41. The Special Rapporteur on extrajudicial, summary or arbitrary executions has expressed concern about extrajudicial executions against people in the war on drugs (see A/HRC/26/36/Add.1, para. 8), a concern voiced also by States and non-governmental organizations. Impunity for extrajudicial killings is also a source of concern in operations aimed at the drug trade. The Special Rapporteur on torture has criticized ineffective investigations and relative impunity for actors alleged to have committed such human rights violations, and the United Nations High Commissioner for Human Rights has stressed the need for accountability for gross violations of human rights (see A/HRC/11/2/Add.2, paras. 33 and 53, and A/HRC/26/36/Add.1, paras. 81, 111 and 117).
42. In some States, law enforcement responsibility for drug-related offences has been reportedly shared with or transferred to the military, often resulting in an excessive use of violence. It has been reported that people accused of drug-related offenses have been tried before military courts or special courts that may fall short of fair trial standards. Concerning the trial of persons in military or special courts, the Human Rights Committee has said that civilians should be tried in the ordinary courts, subject to narrowly defined exceptional circumstances, and that the protections of the International Covenant on Civil and Political Rights cannot be limited or modified because of the military or special character of the court.
46. Persons who use drugs or who are suspected of using drugs may be confined in compulsory drug detention and rehabilitation centres without trial or an evaluation of their drug dependency, often for months or years, and frequently outside the supervision of the criminal justice.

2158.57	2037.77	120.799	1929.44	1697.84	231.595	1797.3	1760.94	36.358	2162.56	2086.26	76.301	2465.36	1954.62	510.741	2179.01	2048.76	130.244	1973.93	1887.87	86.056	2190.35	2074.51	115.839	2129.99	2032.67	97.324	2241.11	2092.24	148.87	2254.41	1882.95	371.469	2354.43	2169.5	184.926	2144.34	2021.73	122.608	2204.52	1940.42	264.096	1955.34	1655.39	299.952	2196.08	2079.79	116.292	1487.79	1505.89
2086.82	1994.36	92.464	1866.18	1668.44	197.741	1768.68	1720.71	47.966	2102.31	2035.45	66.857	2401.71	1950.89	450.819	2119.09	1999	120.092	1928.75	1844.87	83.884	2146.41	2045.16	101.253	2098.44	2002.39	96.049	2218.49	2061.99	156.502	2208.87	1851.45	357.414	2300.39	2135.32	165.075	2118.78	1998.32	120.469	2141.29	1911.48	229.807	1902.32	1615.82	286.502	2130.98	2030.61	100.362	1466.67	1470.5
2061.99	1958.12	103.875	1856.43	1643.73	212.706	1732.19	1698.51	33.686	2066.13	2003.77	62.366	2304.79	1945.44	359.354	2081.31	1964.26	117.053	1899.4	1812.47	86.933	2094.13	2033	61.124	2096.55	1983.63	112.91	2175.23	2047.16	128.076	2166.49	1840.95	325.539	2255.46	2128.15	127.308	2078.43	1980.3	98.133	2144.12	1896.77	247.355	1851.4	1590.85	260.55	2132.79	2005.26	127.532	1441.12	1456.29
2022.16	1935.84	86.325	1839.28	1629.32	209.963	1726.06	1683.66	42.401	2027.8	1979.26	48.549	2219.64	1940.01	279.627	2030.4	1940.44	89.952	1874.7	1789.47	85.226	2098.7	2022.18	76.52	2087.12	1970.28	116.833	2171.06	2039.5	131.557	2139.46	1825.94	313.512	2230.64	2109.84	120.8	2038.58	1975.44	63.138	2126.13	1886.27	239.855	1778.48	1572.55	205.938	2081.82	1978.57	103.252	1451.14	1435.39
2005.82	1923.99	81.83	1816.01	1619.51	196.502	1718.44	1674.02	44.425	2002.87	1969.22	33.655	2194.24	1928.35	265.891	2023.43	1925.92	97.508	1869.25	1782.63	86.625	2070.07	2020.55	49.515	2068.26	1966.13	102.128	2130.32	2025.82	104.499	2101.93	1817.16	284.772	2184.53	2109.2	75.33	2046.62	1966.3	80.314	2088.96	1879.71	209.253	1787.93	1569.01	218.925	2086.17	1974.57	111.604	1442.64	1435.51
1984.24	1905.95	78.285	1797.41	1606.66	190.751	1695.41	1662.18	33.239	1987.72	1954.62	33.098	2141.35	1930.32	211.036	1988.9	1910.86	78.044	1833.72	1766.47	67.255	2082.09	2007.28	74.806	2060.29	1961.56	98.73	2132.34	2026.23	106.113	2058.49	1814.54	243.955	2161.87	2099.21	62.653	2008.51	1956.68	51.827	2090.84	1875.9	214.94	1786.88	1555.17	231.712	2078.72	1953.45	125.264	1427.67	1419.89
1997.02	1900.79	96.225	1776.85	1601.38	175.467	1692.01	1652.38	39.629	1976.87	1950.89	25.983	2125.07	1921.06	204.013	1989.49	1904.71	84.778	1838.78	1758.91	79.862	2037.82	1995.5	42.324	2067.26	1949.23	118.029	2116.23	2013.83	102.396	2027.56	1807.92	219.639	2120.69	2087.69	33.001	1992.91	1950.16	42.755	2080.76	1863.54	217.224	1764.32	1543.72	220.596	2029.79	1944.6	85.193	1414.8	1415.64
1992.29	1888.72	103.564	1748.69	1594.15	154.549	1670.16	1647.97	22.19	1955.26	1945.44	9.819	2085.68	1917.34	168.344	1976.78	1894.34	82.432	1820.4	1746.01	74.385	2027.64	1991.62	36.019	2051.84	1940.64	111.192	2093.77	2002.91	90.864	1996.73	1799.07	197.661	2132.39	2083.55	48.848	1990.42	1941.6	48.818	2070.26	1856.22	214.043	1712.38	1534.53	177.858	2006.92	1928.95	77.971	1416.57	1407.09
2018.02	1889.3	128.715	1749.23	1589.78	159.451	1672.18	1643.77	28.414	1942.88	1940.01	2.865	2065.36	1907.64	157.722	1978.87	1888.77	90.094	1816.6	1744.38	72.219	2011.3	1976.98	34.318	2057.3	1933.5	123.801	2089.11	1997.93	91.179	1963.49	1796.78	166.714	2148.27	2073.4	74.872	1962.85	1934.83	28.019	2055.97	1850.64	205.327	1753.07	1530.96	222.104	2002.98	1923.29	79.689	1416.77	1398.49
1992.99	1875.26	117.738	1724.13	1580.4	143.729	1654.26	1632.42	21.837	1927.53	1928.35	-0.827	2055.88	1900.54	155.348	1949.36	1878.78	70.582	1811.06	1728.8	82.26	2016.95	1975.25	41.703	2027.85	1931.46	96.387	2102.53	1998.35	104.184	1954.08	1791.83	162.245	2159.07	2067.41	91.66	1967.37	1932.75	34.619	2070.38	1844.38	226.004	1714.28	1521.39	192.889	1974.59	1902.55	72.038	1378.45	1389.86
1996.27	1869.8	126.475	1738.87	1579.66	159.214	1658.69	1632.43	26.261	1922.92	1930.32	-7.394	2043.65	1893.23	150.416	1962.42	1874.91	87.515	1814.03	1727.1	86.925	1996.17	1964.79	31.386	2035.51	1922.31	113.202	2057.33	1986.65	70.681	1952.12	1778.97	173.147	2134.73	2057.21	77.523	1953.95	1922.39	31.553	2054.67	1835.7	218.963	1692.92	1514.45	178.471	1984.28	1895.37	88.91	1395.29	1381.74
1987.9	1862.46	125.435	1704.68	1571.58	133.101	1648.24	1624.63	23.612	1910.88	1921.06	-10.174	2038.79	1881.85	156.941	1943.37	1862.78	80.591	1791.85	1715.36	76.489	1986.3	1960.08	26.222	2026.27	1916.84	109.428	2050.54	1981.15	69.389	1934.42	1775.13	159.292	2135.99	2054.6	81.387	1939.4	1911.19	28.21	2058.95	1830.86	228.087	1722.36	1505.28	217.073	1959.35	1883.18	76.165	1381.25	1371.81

47. Compulsory drug detention and rehabilitation centres, sometimes referred to as re-education through labour centres, typically subject detainees to long hours of physically strenuous exercise, physical and verbal abuse, beatings, solitary confinement and enforced labour, according to the Special Rapporteur on torture (see A/HRC/22/53, paras. 40-42). The Special Rapporteur on the right to health noted that these practices are not evidence-based and medical professionals who are trained to manage drug dependence are often inaccessible. Moreover, treatment is often conducted en masse and disregarding the need for informed consent to be given on an individual basis (see A/65/255, paras. 31-33).
48. Non-consensual experimental treatment, torture, ill-treatment and sexual violence have also been reported at compulsory detention centres (see A/HRC/22/53, paras. 40-42). Imposition of compulsory treatment, at the expense of not having access to opioid substitution therapy and other harm reduction interventions, also increases the risk of disease, particularly through HIV infection (see A/65/255, para. 36).
49. These practices have been condemned by 12 United Nations entities in a joint statement in which they call for the closure of compulsory detention centres. Nevertheless, compulsory drug detention centres, many of which are located in East and South-East Asia, continue to detain approximately 235,000 people.